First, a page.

The Non-collision of Relationship and Independent George
Why the distinction between our online and offline lives is less meaningful every day.
On of my favorite Seinfeld episodes is the one in which George’s two worlds collide. It’s the one where “Relationship George” and “Independent George” battle it out for supremacy, with the ultimate battle coming at a movie theater, where George’s fiancé Susan, Jerry, and Elaine have gone to a movie without him. George arrives late, and stands up in front of the wrong movie yelling angrily, until someone tells him that the same movie is playing on a different screen and maybe he should try there. He’s thrown out of the theater, dragged away by security.
The main conflict of the episode is that George knows what will happen when his two worlds collide: “Relationship George will kill Independent George”. Obviously, however, this difference is only in George’s mind, where there is a clear separation between his love life and his life among friends. It appeals to us because we somehow feel awkward when in the same situation: I certainly remember when I introduced my wife to my family and friends…I was pretty anxious. (thankfully, it turned out great)
The Seinfeld episode is analogous to the current non-struggle we’re having between our “digital life” and our “real life”. Our “digital life” is made up of blogs, email, subscription feeds, and aggregators. Our “real life” is, apparently, everything else.
Nicholas Carr, whose writing I enjoy because he can argue the spots off a leopard, recently described the phenomena of “self-commoditization”, or “producing marketable digital versions of ourselves”. He describes self-commoditization as people creating their own private reality shows, a form of narcissism, and little more than self-consumption. And he’s optimistic about the huge opportunity this brings to those who would make money from it because “there’s little constraint on the supply of digital selves”.
Carr writes in another piece (Selling Ourselves):
“When we communicate to promote ourselves, to gain attention, all we are doing is turning ourselves into goods and our communications into advertising. We become salesmen of ourselves, hucksters of the “I.” In peddling our interests, moreover, we also peddle the commodities that give those interests form: songs, videos, and other saleable products. And in tying our interests to our identities, we give marketers the information they need to control those interests and, in the end, those identities.”
Carr’s argument, in addition to its searing doomsdayishness, comes (as most of them do) with the notion that somebody ought to make money from this. That’s how he makes the jump from our interactions with others to some sort of selling/buying relationship and, ultimately, to the intimation that our “digital life” will kill our “real life”, much like George was afraid of.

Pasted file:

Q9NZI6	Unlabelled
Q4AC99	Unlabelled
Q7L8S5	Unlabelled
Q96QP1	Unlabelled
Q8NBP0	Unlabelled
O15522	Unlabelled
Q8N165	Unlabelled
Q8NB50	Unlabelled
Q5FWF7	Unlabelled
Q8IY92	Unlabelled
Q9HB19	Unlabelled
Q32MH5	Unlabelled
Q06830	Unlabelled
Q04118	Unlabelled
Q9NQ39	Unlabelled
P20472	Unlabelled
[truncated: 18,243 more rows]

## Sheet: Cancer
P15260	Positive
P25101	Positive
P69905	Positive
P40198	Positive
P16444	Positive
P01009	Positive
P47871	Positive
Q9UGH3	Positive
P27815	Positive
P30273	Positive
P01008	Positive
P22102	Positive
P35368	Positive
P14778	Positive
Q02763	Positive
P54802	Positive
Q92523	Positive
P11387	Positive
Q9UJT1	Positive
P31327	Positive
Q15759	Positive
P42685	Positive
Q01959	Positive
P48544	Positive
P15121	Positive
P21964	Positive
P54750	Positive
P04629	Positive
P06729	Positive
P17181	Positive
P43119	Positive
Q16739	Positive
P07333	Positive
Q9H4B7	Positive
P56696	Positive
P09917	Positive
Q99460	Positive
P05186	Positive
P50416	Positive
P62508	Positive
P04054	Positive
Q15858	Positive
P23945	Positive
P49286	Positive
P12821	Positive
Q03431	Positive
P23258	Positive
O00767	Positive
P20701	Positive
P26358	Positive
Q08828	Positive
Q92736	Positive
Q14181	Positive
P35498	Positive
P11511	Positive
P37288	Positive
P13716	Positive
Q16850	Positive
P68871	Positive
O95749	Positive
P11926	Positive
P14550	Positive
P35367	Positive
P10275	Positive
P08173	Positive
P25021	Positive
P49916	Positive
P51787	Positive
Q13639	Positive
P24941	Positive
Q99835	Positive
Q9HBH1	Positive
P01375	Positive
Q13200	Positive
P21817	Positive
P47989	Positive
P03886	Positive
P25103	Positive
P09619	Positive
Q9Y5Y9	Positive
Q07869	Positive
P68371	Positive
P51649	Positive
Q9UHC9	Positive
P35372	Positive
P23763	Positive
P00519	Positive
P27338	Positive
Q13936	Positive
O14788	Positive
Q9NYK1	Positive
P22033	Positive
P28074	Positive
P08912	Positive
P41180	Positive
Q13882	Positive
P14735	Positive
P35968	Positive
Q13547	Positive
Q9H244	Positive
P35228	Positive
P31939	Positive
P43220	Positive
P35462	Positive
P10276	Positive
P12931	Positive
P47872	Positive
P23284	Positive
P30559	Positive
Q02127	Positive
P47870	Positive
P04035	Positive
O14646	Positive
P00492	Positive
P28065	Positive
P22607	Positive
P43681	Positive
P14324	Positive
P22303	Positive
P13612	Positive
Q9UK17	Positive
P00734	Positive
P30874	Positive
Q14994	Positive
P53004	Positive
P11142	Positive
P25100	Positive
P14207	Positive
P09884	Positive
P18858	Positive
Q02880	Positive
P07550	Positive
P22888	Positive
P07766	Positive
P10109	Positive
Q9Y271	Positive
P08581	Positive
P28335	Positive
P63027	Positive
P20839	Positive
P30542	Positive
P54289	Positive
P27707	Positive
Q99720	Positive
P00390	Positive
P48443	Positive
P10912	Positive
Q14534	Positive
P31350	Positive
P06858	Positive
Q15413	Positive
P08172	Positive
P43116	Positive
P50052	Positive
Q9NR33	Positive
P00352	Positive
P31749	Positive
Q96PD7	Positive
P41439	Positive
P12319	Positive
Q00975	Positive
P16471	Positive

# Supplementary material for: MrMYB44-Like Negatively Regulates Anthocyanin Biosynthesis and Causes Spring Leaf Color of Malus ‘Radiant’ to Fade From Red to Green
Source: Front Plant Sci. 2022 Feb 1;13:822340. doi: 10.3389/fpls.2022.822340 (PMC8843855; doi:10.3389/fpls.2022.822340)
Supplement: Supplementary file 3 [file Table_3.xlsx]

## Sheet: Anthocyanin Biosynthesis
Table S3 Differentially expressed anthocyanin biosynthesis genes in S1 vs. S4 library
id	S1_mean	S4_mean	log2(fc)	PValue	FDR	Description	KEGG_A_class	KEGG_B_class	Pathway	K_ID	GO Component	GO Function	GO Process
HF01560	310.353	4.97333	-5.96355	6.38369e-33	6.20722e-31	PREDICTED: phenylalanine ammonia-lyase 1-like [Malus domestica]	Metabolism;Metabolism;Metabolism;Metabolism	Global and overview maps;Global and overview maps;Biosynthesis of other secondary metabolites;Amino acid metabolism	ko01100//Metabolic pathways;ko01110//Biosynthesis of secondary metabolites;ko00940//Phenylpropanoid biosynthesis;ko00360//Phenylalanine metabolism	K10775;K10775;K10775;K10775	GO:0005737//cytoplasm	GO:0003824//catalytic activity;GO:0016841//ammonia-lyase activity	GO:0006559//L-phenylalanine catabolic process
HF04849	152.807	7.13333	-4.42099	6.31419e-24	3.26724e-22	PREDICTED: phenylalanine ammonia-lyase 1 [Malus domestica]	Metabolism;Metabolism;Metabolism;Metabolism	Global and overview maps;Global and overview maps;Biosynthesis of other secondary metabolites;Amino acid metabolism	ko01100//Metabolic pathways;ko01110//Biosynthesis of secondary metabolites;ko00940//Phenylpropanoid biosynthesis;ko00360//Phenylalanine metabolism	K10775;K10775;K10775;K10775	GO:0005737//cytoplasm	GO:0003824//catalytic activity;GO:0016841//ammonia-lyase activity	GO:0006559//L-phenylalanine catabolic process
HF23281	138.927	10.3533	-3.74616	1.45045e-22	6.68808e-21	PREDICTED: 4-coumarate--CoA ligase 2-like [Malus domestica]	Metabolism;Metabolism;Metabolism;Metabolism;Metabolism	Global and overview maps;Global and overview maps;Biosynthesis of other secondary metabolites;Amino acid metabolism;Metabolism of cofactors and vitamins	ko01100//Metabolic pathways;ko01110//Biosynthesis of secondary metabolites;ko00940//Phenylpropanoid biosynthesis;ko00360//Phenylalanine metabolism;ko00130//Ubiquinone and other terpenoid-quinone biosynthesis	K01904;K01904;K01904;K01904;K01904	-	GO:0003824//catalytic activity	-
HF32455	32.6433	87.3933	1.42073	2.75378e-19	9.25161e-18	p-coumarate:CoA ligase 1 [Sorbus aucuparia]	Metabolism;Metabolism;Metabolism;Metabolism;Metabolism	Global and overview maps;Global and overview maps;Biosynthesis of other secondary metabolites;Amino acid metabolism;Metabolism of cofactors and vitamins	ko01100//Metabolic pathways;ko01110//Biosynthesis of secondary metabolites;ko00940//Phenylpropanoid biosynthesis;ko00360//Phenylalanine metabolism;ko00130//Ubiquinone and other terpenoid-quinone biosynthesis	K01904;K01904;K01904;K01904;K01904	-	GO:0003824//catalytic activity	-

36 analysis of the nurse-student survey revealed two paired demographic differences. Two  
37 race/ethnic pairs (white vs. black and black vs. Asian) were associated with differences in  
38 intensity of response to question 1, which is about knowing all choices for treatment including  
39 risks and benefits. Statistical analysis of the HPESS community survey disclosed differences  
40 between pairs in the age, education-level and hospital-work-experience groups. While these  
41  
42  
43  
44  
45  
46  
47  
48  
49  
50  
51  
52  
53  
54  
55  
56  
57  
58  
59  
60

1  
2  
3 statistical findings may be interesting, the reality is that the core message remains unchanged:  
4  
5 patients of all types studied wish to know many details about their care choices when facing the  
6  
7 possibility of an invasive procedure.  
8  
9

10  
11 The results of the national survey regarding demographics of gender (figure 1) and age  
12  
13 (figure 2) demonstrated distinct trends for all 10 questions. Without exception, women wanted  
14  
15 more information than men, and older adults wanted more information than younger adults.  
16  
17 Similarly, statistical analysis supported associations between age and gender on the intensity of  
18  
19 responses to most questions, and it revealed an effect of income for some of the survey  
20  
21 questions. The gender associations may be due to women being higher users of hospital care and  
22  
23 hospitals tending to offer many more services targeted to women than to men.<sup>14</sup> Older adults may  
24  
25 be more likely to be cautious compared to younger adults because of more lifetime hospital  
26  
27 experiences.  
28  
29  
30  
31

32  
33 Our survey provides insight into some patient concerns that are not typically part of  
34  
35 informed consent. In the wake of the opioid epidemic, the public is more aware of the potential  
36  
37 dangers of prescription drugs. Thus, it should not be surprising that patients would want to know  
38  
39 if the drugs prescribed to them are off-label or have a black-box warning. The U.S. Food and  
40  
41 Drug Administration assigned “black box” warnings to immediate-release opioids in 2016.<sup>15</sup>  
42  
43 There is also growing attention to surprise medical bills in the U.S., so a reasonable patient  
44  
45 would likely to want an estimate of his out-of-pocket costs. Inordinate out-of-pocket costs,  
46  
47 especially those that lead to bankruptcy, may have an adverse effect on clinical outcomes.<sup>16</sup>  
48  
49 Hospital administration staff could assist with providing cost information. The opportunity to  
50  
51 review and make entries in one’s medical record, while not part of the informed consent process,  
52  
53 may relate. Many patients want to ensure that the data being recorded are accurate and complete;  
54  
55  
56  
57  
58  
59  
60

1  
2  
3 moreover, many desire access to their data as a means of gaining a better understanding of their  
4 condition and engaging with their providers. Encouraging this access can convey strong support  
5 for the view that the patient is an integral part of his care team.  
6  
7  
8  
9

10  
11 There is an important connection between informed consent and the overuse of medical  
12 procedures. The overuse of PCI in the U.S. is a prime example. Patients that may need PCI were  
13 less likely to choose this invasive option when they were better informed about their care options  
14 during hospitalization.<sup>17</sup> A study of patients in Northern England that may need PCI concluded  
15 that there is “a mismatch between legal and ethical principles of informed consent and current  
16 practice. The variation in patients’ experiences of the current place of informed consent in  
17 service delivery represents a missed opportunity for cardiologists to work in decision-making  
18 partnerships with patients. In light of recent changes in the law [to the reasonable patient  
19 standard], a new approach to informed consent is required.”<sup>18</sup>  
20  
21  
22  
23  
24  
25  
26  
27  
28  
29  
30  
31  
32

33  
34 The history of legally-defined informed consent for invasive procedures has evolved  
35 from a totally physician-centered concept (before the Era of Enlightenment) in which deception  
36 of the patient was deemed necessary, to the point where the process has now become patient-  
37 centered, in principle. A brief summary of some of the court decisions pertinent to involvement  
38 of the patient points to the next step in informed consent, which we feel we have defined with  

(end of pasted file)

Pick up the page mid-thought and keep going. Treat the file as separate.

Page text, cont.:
If you do happen to be in the media (whose goal is to make money) the question is an interesting one. But for the rest of us who see the difference between our “digital life” and our “real life” shrinking every second (or even non-existent), the question of making money is of little importance, and comparing social interactions to money changing hands completely obscures the situation. Much more intricate than money exchange are social standing, peer opinion, having friends, and being liked. You know, the human things. I continually bristle at the notion that our interactions online can be explained in economic terms.
I think the dichotomy of a “digital life” being somehow different from our “real life” is becoming more false every day. Not only do people understand how web technologies work, but they’re leveraging them to improve all parts of their lives. And the evils that Carr is so quick to point out (gang mentality, self-commoditization, and my personal favorite: blogospheric lynch mob!) are simply online representations of people’s behavior…behavior that hasn’t changed for millenia. When Carr gets excited about the latest emotional upswell online and compares it to selling our souls to the Devil, it is more interesting to watch him construct an argument for discussion from it than to actually go watch the event. Sure, there are issues with identity, but for the most part people are honest and are who they say they are.
Am I being too optimistic? Maybe. We could spend all of our time focusing on the tiny fraction of evil folks, hoping that by calling them trolls they would simply go away. But we’ve always had those and probably always will. Instead, I would like to see more positive stories about how people are improving their lives with technology from writers like Carr. Unfortunately, I don’t think that will happen anytime soon.
The main difference in the last 15 years of human living isn’t that somehow being online has created an alternate universe for us. It’s not that the Internet has made us into lynch mobs. The main difference is that instead of our hazy memory of what happened we have a digital record.
Does being online change our behavior? Yes, certainly, but most of it is in terms of how we do something, not why we do it. We don’t suddenly become narcissists, any more than we used to be. If we can quell the notion that social software is ruining society then we can recognize and repair those tears in the social fabric that do exist.
My wife, just yesterday, was in an email discussion made up of a group of mothers across town. They planned to get together at one of their houses, and when they met in the afternoon not a single one of them remarked how their two worlds had collided, or how bad they felt about their communications becoming advertising. They even referred to their email conversation as “talking”.
Update: I recommend reading two thoughtful follow-ups to this post that went into more depth and nuance than I did: